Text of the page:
Shared Terminology Yet Different Concepts Between Ember.js and Rails

Tute Costa

Developers who are well versed in Ruby on Rails (or other MVC implementations) and start learning Ember.js may find it surprising that, even though there’s shared vocabulary, denoted concepts are sometimes very different.

The first and obvious difference comes from the fact both are web frameworks. Rails facilitates the creation of web apps that offer mainly an HTTP interface to interact with. On the other hand, Ember helps create web apps that interface directly with humans (through clicks, taps, key presses, etc). They are both web application frameworks, but the former is server side and the latter client side.

A look into their workflows will shed light over the main differences.

Rails: Request Life Cycle

The Rails request life cycle works as follows:

  1. The Router receives an HTTP request from the browser/client, and calls the controller that will handle it.
  2. The Controller receives the HTTP parameters, and instantiates the necessary Model or Models.
  3. The Model fetches from the database requested objects.
  4. The Controller passes Models to the View, and renders them.
  5. The View generates a text reponse (HTML, JSON, etc), interpolating Ruby objects where necessary.
  6. The Controller response is sent back to the Router, and from there to the client.

Rails Request Life Cycle

Ember.js: Run Loop

The Ember.js run loop works as follows (don’t forget that Model and Controller refer now to Ember concepts rather than Rails):

  1. The Router instantiates a Model and sets it in a Controller.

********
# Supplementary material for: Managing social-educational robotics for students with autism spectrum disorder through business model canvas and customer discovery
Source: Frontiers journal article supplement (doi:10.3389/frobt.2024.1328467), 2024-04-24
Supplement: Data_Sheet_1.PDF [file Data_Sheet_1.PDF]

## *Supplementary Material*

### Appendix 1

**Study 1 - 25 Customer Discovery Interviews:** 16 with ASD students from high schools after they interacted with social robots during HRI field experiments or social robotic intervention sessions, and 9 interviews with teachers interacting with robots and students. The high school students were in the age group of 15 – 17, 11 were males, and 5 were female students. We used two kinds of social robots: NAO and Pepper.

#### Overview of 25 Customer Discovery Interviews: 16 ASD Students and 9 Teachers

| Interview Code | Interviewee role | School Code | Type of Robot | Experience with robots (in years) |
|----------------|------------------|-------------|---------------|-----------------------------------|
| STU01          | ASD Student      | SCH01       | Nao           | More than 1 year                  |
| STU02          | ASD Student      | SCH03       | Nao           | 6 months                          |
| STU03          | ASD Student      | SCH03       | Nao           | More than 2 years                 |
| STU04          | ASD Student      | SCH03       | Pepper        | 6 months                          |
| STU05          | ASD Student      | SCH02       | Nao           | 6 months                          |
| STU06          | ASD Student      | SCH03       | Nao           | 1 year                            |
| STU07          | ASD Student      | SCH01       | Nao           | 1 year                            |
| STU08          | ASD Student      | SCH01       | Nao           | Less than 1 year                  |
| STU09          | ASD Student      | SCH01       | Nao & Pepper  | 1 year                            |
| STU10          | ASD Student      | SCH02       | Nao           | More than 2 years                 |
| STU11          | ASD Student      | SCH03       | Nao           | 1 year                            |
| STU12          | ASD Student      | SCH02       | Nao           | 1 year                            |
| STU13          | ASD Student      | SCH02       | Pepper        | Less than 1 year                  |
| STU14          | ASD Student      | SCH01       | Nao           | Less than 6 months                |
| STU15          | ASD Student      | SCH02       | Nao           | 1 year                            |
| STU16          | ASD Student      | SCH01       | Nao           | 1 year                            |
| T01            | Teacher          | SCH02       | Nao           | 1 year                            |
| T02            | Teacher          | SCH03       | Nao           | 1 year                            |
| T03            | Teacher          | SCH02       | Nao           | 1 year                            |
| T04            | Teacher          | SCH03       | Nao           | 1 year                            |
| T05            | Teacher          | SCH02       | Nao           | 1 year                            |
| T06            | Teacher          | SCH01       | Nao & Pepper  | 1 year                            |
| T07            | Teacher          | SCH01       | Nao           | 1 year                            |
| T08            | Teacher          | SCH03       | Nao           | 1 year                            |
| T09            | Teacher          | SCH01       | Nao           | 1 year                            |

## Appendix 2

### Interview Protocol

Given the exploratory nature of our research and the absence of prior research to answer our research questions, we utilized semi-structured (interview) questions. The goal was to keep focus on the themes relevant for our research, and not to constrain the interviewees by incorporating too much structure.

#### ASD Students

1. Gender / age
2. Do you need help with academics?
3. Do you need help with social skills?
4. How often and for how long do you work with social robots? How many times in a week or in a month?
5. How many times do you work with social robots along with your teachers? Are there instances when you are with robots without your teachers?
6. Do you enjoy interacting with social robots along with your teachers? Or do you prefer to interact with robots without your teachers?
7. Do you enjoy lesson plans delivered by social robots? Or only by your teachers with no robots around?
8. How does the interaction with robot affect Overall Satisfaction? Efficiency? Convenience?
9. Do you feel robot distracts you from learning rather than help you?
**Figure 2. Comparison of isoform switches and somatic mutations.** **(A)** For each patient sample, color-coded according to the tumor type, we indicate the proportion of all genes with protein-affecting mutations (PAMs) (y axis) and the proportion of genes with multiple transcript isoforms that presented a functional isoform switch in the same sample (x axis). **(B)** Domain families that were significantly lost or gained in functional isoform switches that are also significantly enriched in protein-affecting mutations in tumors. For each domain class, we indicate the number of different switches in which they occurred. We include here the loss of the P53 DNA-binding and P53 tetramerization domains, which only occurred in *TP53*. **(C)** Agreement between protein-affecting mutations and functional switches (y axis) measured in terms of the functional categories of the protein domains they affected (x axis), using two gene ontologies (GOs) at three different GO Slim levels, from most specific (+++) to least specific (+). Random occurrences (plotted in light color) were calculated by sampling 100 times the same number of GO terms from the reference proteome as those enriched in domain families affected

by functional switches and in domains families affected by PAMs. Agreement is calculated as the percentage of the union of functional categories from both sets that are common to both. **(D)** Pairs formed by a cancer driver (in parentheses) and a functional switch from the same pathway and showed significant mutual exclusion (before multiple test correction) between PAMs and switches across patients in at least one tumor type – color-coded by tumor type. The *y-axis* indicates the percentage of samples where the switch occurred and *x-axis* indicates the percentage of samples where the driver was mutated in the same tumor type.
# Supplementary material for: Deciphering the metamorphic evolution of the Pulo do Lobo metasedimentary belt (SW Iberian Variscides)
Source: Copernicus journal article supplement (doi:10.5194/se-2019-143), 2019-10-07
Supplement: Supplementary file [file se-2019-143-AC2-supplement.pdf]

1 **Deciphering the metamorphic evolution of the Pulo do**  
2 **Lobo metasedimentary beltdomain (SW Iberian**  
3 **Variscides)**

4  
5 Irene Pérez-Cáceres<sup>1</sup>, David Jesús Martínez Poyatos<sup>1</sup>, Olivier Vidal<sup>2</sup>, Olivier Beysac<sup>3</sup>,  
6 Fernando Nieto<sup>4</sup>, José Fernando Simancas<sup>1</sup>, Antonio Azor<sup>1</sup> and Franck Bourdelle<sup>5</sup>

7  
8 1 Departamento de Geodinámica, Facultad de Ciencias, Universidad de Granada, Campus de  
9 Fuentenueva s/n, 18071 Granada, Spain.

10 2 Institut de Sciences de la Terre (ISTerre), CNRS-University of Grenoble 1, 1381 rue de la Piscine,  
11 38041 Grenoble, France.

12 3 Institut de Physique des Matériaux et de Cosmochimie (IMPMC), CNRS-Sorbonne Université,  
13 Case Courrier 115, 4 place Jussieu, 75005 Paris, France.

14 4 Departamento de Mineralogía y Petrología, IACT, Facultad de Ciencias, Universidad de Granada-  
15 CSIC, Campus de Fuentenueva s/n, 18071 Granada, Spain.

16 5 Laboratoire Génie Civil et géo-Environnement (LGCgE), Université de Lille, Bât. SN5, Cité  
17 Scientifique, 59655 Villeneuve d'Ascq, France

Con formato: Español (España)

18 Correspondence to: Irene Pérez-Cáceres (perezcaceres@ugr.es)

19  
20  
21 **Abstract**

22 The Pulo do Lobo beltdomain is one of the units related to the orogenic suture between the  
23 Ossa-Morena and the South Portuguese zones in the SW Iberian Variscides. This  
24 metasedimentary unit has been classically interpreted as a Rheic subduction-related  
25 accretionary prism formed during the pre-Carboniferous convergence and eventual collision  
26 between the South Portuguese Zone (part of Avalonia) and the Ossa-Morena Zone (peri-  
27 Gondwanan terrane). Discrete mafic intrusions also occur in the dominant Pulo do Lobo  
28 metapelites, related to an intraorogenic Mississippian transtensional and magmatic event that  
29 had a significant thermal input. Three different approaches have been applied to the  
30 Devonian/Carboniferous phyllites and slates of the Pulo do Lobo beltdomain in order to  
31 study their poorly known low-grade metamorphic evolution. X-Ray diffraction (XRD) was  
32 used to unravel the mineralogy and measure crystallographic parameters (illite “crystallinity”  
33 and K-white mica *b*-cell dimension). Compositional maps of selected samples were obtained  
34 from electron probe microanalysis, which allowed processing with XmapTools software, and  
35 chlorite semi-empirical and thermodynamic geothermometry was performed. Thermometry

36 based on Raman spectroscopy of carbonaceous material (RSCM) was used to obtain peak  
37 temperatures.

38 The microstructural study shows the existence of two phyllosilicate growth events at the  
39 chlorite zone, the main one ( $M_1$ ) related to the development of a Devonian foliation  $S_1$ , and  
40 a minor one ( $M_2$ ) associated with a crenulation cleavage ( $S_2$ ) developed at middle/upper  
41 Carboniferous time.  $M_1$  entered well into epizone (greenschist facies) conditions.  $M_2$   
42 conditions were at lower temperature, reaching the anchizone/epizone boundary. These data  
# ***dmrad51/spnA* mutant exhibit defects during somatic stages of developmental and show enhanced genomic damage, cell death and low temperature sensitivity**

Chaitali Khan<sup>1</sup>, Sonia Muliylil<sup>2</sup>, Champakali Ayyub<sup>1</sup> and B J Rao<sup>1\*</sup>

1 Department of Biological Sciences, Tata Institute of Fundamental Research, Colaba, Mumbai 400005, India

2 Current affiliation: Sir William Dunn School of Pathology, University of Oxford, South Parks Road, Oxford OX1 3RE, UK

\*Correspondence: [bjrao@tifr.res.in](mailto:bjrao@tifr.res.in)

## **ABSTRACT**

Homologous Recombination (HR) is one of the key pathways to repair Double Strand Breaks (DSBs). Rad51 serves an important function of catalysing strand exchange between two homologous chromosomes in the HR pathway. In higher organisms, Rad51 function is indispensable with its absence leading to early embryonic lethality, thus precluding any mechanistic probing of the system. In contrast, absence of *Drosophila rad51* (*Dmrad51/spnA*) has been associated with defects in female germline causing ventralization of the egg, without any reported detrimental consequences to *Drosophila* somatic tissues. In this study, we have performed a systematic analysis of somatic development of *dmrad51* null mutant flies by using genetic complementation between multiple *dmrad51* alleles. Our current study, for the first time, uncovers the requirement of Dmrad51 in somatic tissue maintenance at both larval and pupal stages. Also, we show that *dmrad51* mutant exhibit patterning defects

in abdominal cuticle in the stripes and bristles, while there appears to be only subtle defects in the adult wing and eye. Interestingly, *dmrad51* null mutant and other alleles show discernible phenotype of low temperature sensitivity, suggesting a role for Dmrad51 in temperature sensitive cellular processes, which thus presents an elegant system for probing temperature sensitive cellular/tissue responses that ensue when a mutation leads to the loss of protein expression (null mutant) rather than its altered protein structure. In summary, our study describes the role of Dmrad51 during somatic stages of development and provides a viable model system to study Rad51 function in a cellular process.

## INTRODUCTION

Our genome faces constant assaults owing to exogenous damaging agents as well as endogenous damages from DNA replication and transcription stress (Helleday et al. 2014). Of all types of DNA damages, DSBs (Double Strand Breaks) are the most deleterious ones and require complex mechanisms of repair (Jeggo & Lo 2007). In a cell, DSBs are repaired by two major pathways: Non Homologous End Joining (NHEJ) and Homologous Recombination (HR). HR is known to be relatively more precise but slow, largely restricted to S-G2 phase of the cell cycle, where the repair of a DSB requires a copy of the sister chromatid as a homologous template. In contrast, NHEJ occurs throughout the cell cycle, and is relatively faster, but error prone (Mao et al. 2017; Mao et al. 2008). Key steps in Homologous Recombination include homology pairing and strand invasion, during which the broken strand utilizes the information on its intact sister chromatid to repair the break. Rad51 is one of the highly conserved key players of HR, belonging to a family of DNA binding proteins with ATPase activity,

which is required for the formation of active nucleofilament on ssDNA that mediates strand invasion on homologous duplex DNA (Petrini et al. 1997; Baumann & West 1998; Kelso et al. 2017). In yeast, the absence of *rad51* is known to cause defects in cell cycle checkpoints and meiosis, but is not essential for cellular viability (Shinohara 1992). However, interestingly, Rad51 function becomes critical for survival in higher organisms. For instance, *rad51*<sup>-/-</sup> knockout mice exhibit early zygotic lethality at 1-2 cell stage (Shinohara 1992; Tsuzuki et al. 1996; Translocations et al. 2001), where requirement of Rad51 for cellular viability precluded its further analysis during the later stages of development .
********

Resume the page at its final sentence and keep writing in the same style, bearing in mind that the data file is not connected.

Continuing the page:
2. The Router renders the Template.
  3. The Template gets its properties from the Controller, which acts as a decorator for the Model. The Template doesn’t know where a property it displays is defined, the controller will provide it by itself or through its Model.

Ember Run Loop

At this point the cycle ends, and it can be restarted by:

  • An event (like a click on a link) that triggers an action that updates the route.
  • A new URL is directly visited by writing in the browser’s address bar.


Models are similar in both frameworks. It is a common situation that a model in Ember maps one-to-one with a model in Rails.

In Rails almost always a Model is backed by a database like PostgreSQL, whereas in Ember it is common that a model only lives in memory, and is fetched, changed or deleted via a JSON API.

Note that in Ember the Template and Model are always automatically in sync thanks to the two-way binding feature. This means that if we edit in a form an attribute for a Model, the attribute will change in real time in any place the model is rendered (let’s say, in the title of the page), even if we don’t submit the form or persist the changes. This is another surprise coming from Rails, where a change in a form is stateless and until we successfully send it nothing really changes.


It is a good Rails practice to have simple views, with presenters/decorators providing any necessary logic. Ember enforces this good practice, with its Templates being logic-less by nature of its engine, Handlebars. A similar enforcement may be used in Rails via gems like curly.

Ember has both the concept of Views and of Templates, though Templates are more akin to Rails Views. An Ember View renders Templates, and it provides re-usable components and more complex event handling.


A Controller in Rails is a Rack application, that talks to Models to return an HTTP response. A Controller in Ember is a Model decorator, and it’s called from the templates.


A Router in Rails is responsible for HTTP requests/responses. In Ember a Route (and not a Router, which is just a mapping between strings and Routes) is concerned about the current state of the application (what models and controllers should be set up), and about keeping the URL up to date as application’s state changes (like after a click on a link).

Final Thoughts

As you dig more into Ember you’ll find more similarities and differences. This blog post should provide a good start to avoid possible confusions due to similar vocabulary that refers to different things.